Once we were officially approved to do this slightly risky yet thoroughly exciting project, Carly and I got together to write the mission statement for the campaign, which was originally called the “From Ashes to Beauty” campaign. Here’s part of what it said…
The From Ashes to Beauty Campaign aims to raise awareness about the depression, suicide, and self-injury that affect our generation. The goal is to use creative mediums as a means for outreach and awareness to bring a face to the nameless and countless thousands who have struggled with depression or thoughts of suicide, so that it is neither misunderstood nor greeted with scorn…This project, rooted in hope, encourages people to meet one another where they are at so that love may spring up everywhere.
Though this project has grown and changed drastically since these words were written, its core principles and goals have not. Much like the tree in our logo, we may no longer look like the seed we were when we first started; but our heart is the same.
That being said, I wanted to share with you all a bit of writing by a man named Clifford Beers, who was hospitalized for insanity in the early 1900s and later wrote this autobiography, titled "A Mind That Found Itself," of his time spent in an insane asylum. This moving work ends with some of the most powerful words about hope and unity that I’ve ever read regarding mental illness. As I read through this work for our Madness in American Literature class, I couldn’t have been more thrilled to see the same soul and vision in this man’s words from a century ago as I see in our campaign today. Be inspired!
By this time two paramount questions have no doubt arisen in the mind of the reader: First, is there in the problem of managing and treating the insane an inherent difficulty which will forever prevent the correction of such abuses and deficiencies as have been discussed in this book?...An emphatic answer to [this] question may be given. No inherent difficulty stands in the way of the universal correction of all abuses and deficiencies of treatment complained of in this book—unless it be the inherent apathy of a public which for centuries has failed to do its duty by the insane…For bringing about the reforms which, of necessity, must precede any such correction of century-old abuses, the interest of every right-thinking person in this country must be enlisted. Few, indeed, are endowed with great riches. Few are able to convert their best impulses into an acceptable medium of exchange. But every man and woman can lend a hand, or at least speak a word. Our subject has for generations been neglected. It is the discussion of it that will create and mold Public Opinion, and Public Opinion, vigorously expressed, will, more than any other factor, tend to correct the evils I have denounced. Has my story utterly failed of its purpose? If it has stirred your sympathy it is your duty to give expression to this aroused interest, not to me, but to everybody within your sphere of influence. Continual and sincere expression will wear away that rock of indifference against which the distressed souls and abused bodies of the mentally ill have been bruised for centuries. Has my story—not as the story of my life, but as representing the experiences of thousands of others still living and of thousands whose terrible secrets died with them—has this story, I say, aroused within you the healthy desire to contribute at least your influence to the corrective and overwhelming force of Public Opinion? If so, your duty is plain.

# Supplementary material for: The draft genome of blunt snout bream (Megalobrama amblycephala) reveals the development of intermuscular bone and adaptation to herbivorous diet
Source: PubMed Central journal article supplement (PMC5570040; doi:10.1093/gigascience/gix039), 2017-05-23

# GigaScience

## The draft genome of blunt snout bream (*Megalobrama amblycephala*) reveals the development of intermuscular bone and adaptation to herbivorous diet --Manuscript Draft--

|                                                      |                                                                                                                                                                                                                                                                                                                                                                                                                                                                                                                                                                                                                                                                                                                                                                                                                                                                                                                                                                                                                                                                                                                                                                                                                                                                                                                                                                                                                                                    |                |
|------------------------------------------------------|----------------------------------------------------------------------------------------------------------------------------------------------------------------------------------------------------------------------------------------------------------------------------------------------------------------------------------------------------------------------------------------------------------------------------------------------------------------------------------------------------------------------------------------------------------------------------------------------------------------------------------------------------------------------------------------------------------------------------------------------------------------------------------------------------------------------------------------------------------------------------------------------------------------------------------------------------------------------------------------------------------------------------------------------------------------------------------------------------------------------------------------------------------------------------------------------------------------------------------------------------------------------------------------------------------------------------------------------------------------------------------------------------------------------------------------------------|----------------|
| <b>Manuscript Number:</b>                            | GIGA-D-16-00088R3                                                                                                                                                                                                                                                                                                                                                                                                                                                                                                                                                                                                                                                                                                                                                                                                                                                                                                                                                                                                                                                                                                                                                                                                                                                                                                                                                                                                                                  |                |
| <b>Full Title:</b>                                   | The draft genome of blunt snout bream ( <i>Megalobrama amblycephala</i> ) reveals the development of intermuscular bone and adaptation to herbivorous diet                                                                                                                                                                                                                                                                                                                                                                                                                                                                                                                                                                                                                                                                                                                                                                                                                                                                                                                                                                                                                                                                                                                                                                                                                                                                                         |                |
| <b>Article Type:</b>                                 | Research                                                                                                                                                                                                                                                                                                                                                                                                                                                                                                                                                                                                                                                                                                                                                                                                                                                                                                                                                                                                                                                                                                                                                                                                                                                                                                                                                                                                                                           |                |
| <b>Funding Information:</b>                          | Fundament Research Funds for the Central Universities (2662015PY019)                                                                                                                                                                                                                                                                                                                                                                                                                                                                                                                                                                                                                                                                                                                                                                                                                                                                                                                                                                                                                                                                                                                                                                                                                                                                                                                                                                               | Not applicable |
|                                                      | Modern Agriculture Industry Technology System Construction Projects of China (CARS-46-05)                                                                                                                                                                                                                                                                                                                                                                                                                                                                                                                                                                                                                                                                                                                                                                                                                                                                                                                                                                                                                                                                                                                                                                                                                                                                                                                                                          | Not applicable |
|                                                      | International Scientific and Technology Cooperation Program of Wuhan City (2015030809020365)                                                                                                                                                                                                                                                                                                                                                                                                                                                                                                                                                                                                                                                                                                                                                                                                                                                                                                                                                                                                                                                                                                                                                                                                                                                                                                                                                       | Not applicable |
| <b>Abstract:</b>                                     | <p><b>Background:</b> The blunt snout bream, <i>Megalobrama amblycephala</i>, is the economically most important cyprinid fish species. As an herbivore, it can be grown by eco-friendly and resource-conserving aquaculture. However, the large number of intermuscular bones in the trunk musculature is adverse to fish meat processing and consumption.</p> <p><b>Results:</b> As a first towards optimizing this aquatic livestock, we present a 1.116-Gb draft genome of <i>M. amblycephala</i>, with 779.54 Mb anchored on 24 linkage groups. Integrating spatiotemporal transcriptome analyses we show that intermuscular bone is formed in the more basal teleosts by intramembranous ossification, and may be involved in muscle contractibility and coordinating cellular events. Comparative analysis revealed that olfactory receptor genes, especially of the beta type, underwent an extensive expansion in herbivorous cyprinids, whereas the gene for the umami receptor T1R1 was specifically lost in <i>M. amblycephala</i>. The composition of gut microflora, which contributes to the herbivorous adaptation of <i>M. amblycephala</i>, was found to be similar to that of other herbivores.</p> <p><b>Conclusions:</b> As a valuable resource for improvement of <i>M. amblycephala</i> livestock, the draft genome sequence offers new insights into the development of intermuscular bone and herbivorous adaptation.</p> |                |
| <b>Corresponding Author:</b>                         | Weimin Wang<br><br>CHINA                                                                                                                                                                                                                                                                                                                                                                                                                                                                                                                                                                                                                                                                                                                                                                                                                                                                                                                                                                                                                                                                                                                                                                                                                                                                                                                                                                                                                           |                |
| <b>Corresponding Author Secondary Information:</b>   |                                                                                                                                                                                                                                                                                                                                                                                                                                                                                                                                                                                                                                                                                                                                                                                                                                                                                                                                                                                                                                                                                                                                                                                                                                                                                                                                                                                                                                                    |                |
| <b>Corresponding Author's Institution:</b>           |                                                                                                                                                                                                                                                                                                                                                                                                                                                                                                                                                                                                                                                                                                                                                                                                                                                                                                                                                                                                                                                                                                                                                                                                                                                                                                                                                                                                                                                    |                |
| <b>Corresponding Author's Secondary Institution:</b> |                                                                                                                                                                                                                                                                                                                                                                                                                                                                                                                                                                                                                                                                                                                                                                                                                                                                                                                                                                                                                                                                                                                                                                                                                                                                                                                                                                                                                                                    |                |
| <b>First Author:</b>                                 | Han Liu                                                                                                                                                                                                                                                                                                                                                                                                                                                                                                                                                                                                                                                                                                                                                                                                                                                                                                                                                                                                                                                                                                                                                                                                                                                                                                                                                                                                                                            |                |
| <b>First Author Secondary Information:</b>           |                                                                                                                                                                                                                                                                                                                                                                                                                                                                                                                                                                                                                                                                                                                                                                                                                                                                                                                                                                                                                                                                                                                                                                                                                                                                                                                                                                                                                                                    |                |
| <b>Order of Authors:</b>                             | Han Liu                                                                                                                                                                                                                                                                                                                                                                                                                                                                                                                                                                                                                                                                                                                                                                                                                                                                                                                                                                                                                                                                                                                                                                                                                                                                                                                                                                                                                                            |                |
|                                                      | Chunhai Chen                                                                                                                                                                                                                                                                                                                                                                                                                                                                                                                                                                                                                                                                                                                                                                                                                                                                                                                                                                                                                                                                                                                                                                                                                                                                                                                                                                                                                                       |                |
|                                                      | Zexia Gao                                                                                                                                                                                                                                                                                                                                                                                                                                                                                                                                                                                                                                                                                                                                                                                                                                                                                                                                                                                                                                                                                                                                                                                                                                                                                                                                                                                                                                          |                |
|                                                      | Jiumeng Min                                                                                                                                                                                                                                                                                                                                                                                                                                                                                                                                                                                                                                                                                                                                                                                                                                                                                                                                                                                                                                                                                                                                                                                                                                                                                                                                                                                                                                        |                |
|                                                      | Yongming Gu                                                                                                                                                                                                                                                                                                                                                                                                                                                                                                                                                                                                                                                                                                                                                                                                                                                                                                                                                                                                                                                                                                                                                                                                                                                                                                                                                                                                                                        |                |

And what duty would that be? I think Beers states it perfectly: Every man and woman can lend a hand, or at least speak a word, and it is the discussion of these issues that will create and mold public opinion. Continual and sincere expression will wear away at that rock of indifference and apathy against which the distressed souls and abused bodies of the mentally ill have been bruised for centuries. The Love Out Loud campaign aims to do just that: to a lend a hand to those who have fallen, a shoulder to those who are crying, a smile to those who are sorrowful, an encouraging word to those who are hurting. We are, I believe, continuing the fight that Beers started a little over a century ago, and will keep fighting until all of our energy and love is expended. These are the things that define a generation; these are the moments we—and our children, even—can look back on and be proud of. So now the only question is: Will you, too, love out loud?